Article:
"I mean, it's not the choice of many, is it?" Paul asked.
Where do I start? I pause a moment to think, to sort out the major from the minor.
"The pace of life has got a lot to do with it," I tell him. "Time changes when you're on the water. We have a clock that only tells you what day it is. And when boaters say "Good morning" to you, it's not necessarily because it is morning, but simply because they've not had lunch yet. We cruise at less than four miles an hour. We do everything at a leisurely pace."
He makes to speak again, but I continue.
"But it's not just that. The boat itself makes a lovely home. And she's got character. Most houses have numbers. Boats have names. And gender!"
He butts in. "A lovely home? Really? But it's so small! Cramped!"
"But you know, she's big enough for just Grace and me," I reply. "She has all we need for a comfortable life. OK, it's a rather more minimalist lifestyle than you have, and than we used to have, but that's not a bad thing. It's actually very liberating in several ways. We don't accumulate a lot of "stuff". We have everything we need, and a few things that are good to have around, but aren't essential. There's no clutter, and no attic full of things that haven't seen the light of day for years. Waste is minimized. Recycling and repurposing become natural."
Paul wants to say something, but I'm in full flow now. He's not going to stop me.
"And then there's the actual boating. The travelling. Taking our home with us to visit different places. But it's not the being there that's most important. It's the journey itself. It's not like being in a car, where the journey is just the means to the end - arrival. We wake up in a different place most mornings. Park our home each day in beautiful countryside, tiny villages, or in busy towns and cities."
I feel a bit rude when I ignore his further attempts to say something, but he did ask me a question.
"I think you've only seen a few stretches of canal, Paul. You should see more. They're wide, they're narrow, straight and winding. They're cut through farmland, woodland, moorland, meadow and pasture, through hills and on the sides of valleys. They're overhung by trees, or give us wide vistas across broad valleys to distant hills. They take us through industrial areas, too, major cities - pretty much every kind of environment that can be found in the country."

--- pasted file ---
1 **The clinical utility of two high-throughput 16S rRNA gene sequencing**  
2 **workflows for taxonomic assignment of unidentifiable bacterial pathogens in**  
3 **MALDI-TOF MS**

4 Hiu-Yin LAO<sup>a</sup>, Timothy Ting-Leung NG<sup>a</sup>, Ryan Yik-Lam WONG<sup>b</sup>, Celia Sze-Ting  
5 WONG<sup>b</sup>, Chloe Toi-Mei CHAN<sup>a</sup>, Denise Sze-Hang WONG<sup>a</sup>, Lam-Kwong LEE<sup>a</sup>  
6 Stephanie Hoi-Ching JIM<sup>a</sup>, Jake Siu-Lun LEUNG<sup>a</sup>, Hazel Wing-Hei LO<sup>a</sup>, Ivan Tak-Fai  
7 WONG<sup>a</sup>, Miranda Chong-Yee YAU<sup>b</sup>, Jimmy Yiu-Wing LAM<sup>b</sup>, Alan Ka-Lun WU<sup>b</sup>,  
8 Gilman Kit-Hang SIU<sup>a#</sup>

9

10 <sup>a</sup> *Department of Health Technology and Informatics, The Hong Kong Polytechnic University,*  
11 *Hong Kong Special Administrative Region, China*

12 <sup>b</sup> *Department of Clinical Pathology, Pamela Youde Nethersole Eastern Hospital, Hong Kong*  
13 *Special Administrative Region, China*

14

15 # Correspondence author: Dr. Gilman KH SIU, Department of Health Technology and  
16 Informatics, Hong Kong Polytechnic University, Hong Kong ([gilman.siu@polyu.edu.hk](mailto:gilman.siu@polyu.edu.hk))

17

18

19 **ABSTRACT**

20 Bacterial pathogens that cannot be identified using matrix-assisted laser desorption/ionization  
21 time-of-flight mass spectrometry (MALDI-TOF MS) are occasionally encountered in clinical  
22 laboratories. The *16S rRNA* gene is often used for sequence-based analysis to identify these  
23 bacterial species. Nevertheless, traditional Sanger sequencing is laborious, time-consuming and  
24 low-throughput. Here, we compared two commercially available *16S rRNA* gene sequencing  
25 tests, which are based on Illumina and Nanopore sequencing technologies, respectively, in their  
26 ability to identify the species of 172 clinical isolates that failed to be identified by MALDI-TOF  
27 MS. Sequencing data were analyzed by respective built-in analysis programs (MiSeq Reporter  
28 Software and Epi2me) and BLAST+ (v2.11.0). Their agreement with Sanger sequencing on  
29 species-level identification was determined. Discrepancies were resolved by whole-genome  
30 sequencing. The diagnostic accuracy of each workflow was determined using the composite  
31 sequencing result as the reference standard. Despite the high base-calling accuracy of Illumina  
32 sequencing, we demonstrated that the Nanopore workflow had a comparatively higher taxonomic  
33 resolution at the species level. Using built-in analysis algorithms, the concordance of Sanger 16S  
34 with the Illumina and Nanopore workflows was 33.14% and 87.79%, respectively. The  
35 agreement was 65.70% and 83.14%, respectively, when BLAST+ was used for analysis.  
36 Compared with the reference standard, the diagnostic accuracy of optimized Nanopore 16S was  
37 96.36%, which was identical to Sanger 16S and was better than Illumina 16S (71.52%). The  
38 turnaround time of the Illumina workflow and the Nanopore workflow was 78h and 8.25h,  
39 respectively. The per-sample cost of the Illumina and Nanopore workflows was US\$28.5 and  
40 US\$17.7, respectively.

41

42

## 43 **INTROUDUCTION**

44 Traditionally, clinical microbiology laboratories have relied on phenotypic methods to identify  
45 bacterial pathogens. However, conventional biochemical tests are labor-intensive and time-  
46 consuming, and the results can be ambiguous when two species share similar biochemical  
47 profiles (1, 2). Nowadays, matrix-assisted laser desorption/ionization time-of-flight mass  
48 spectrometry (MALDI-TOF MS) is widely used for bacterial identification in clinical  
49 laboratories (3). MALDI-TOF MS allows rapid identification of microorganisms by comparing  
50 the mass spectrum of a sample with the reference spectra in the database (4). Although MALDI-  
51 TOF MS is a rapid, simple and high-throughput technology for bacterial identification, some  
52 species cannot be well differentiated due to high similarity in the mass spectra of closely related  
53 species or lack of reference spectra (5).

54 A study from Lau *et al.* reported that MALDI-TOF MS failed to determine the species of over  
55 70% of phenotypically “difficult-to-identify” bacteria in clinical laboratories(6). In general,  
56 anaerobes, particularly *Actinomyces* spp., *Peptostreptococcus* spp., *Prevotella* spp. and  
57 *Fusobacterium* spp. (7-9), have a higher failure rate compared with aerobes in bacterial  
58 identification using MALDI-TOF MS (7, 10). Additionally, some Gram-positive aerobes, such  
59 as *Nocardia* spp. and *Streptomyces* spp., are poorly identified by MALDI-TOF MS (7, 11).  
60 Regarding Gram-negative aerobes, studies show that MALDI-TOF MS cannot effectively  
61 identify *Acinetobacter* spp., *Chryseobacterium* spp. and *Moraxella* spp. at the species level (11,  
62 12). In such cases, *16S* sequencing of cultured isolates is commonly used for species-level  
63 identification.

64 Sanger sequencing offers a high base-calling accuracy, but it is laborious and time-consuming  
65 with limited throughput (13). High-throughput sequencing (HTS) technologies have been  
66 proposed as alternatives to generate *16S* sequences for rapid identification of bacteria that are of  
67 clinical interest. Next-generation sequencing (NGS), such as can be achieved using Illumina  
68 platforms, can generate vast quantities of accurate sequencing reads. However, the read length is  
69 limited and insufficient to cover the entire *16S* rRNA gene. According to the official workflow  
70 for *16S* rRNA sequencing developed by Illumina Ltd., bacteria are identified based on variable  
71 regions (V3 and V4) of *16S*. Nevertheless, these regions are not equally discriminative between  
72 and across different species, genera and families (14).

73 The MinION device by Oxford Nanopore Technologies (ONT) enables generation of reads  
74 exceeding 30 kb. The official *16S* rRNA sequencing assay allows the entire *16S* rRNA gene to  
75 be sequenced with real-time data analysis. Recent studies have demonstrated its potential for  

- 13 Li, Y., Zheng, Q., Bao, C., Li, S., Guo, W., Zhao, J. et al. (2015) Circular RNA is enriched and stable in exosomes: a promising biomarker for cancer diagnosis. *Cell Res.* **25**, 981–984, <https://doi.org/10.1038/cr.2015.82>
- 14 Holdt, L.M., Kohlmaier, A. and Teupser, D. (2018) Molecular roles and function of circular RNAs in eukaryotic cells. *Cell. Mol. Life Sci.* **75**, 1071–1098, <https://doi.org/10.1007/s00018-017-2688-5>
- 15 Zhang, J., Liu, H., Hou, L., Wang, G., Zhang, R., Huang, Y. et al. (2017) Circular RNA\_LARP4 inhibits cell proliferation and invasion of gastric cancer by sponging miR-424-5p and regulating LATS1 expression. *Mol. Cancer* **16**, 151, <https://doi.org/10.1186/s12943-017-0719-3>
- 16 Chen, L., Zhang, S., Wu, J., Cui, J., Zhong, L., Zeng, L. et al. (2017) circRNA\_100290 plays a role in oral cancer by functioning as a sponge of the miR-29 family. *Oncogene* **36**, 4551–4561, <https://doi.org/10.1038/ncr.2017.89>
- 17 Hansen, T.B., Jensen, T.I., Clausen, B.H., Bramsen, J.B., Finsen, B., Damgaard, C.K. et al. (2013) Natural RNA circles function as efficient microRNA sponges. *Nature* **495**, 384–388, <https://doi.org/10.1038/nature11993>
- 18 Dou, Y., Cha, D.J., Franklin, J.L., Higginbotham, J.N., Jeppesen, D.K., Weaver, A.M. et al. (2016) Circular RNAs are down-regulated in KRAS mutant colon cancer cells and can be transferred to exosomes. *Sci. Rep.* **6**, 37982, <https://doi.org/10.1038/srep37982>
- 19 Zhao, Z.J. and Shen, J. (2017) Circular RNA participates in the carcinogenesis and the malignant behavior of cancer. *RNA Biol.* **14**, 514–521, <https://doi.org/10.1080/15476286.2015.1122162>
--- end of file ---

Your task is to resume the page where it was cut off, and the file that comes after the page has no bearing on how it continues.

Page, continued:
I pause for breath, and Paul gets a moment. I think he's beginning to understand.
"I suppose you get to see a lot of wildlife."
"Oh yes! Nature's very close all of the time. We see, hear and smell her. Birds - ducks and geese, of course, and swans. Coots and moorhens, grebes and cormorants, gulls and terns, herons, buzzards, kestrels, red kites, owls, swallows and martins, reed buntings, reed warblers, robins, tits, chaffinches... " I've run out, though I'm sure there must be more I could name.
"And kingfishers, though not as often as we'd like. And animals - cows, sheep, horses, pigs, donkeys, deer, foxes, rabbits..." I tail off. I've seen lots of tiny, fast-scurrying creatures, too. Probably voles, but difficult to identify. I don't mention them.
"Even alpacas and water buffalo!" I add. Paul laughs.
"And travelling as slowly as we do really gives us time to appreciate plants, flowers and trees, to enjoy their reflections in the water, and the way the sky and the sun play in it, too. Sunsets on the canal can be truly astounding."
Paul nods. He says nothing. I think he's expecting me to say more, but he's got the picture, so I'm silent, too.
"You know, I think you ought to write a book about it," he says eventually.
I smile. "Well, actually, Paul..."